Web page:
CHERIMOYAS, with their haunting perfume, creamy texture and a delicate flavor that combines notes of pear and passion fruit, are becoming more plentiful every year here during their season. For a few weeks, they're not rarities (though they do look antediluvian), they're piled high in farmers market stalls -- so it's time to stop thinking of them as simply treats out of hand and figure out wonderful ways to cook with them.
Or actually, not cook with them. Just slicing, pureeing or muddling the uncooked flesh preserves the integrity of this delicate fruit. They may look more like immature pine cones than anything tropical, but they're easy to incorporate into desserts and cocktails -- a melt-in-your-mouth tart, a creamy semifreddo, a breezy drink with a little rum and a little tequila.
Their unusual creamy texture makes them the perfect candidate for a luscious semifreddo. (Cherimoyas are so custardy that newbies are often advised to freeze them and then eat the frozen fruit with a spoon right from the shell.) It's both elegant and easy to make. Just combine cherimoya puree with whipped cream and Italian meringue, then spoon it into ramekins. Kumquat zest heightens the flavor and brings out a floral note in the semifreddo.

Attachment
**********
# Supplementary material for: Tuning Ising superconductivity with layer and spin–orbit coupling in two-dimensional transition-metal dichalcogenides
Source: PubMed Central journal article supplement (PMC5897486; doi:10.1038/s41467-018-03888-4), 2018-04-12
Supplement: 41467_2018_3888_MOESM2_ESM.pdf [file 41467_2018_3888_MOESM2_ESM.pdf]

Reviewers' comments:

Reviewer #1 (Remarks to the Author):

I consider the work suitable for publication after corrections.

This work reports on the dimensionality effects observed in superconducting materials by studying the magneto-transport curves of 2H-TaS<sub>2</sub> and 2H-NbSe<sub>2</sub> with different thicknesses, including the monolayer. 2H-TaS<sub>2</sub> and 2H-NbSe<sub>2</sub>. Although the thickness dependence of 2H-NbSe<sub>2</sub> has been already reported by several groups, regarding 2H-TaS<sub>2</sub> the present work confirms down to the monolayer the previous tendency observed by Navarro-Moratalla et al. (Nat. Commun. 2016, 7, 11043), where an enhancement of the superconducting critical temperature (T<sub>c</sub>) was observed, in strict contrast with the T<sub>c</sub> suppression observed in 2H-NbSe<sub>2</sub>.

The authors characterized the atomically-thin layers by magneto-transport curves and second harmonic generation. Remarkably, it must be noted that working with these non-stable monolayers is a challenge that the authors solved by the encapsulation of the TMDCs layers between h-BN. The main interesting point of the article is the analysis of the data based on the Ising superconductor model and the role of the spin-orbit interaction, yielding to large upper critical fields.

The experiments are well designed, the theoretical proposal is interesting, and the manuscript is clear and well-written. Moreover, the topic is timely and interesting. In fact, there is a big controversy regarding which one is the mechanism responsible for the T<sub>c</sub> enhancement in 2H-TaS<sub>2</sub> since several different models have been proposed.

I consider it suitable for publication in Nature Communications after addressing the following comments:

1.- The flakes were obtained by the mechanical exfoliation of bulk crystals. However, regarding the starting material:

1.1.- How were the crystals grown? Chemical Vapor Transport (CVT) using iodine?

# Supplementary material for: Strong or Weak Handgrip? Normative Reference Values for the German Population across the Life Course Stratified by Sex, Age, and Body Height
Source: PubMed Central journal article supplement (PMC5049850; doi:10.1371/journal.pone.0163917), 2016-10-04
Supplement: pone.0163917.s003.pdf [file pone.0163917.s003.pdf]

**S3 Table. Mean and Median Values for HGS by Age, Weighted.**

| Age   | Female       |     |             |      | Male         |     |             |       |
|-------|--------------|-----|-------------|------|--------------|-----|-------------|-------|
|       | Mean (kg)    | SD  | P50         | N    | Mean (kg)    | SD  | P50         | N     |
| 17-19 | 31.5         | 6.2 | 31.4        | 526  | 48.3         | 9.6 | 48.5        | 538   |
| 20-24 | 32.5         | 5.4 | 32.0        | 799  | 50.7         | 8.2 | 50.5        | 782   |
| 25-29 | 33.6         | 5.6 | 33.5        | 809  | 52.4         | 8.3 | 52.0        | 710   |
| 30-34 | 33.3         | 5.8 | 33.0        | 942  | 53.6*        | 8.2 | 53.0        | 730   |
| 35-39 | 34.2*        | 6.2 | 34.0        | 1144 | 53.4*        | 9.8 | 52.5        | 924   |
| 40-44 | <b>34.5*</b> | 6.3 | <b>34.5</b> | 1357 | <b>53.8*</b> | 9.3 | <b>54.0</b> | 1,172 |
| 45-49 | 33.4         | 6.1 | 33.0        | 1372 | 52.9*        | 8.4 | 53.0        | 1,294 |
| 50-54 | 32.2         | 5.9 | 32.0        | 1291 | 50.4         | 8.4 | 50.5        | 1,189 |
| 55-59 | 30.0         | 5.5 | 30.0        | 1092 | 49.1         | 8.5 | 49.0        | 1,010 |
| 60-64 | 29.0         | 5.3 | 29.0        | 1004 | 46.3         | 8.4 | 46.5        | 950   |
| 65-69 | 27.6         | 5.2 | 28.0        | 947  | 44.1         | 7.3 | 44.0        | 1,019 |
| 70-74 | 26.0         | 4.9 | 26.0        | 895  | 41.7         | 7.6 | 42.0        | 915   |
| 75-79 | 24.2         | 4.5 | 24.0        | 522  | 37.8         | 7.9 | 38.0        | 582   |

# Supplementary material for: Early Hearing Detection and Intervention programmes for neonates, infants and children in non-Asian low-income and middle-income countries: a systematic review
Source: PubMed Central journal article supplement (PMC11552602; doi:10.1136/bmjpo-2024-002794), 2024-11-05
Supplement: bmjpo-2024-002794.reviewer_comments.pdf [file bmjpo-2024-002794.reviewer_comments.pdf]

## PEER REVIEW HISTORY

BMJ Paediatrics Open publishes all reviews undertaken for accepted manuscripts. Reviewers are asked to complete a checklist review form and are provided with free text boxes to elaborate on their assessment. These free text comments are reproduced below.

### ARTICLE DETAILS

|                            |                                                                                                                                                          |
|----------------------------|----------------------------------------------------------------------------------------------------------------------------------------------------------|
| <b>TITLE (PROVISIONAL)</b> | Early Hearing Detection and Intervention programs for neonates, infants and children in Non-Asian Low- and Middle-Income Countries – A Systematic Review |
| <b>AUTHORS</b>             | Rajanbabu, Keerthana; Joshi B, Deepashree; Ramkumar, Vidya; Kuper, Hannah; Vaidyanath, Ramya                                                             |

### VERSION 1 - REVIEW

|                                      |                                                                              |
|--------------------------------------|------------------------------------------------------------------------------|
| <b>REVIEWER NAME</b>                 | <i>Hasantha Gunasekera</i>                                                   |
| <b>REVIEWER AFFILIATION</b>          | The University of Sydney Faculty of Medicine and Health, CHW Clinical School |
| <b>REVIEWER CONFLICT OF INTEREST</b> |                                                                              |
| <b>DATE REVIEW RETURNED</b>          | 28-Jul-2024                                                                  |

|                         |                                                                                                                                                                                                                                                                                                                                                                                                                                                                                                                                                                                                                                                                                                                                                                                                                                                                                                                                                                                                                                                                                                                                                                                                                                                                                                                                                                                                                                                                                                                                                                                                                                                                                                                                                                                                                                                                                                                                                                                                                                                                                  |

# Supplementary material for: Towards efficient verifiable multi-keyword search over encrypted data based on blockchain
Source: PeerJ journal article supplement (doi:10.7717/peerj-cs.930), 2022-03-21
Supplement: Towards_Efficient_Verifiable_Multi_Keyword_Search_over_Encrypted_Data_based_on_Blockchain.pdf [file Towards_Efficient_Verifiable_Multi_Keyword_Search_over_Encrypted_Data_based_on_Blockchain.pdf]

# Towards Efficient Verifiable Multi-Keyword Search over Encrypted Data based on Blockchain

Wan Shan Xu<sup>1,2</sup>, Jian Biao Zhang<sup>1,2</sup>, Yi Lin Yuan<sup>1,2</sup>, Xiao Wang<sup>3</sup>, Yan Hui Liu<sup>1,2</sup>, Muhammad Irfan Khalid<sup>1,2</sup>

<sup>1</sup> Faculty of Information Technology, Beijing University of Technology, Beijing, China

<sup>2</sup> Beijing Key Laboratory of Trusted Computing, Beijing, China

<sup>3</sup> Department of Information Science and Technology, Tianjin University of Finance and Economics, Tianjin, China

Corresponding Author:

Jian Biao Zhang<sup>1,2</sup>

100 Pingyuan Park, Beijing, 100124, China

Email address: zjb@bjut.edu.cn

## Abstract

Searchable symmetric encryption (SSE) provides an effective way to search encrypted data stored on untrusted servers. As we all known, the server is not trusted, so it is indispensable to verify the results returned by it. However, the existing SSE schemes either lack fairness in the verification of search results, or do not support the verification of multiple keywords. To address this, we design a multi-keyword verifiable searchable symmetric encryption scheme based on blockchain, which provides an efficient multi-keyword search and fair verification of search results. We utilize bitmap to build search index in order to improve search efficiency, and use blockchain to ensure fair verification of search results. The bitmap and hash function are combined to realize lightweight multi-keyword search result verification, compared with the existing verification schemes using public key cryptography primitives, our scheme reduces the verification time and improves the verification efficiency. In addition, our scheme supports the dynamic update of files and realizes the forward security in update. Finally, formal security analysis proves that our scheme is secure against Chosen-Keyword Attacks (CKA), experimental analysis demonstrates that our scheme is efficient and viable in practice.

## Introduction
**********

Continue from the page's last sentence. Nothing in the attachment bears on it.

A tart is a great way to feature the silky texture of the fruit -- sliced fresh cherimoya arranged on a shell of golden baked puff pastry. The fruit isn't baked, so its fresh, appealing texture is highlighted in this dessert. Use a high-quality frozen puff pastry (made with butter); those light, crisp layers of pastry set off the sliced creamy cherimoyas that are brushed generously with Key lime syrup. The lime juice makes this cherimoya tart sing.
Summer's nearly here, it's hot and you're thirsty for a great batido? Because of its custard-like texture cherimoya makes an excellent Cuban smoothie. Blend 2 cups of cut-up, chilled cherimoya with one-half cup milk until smooth, then blend in one-half cup ice. It's rich and cool and delicious.
In the search for intriguing fruit creations, mixologists seem to be giving pastry chefs a run for their money. Eddie Perez, bar manager of the new Foundry restaurant in West Hollywood, combines cherimoya with Trinidadian rum made with cane sugar (lighter than molasses-based rum), silver tequila, citrus and pineapple juice, orange bitters and pear puree. It's a festive tropical concoction, intensified with a bit of creme de cacao.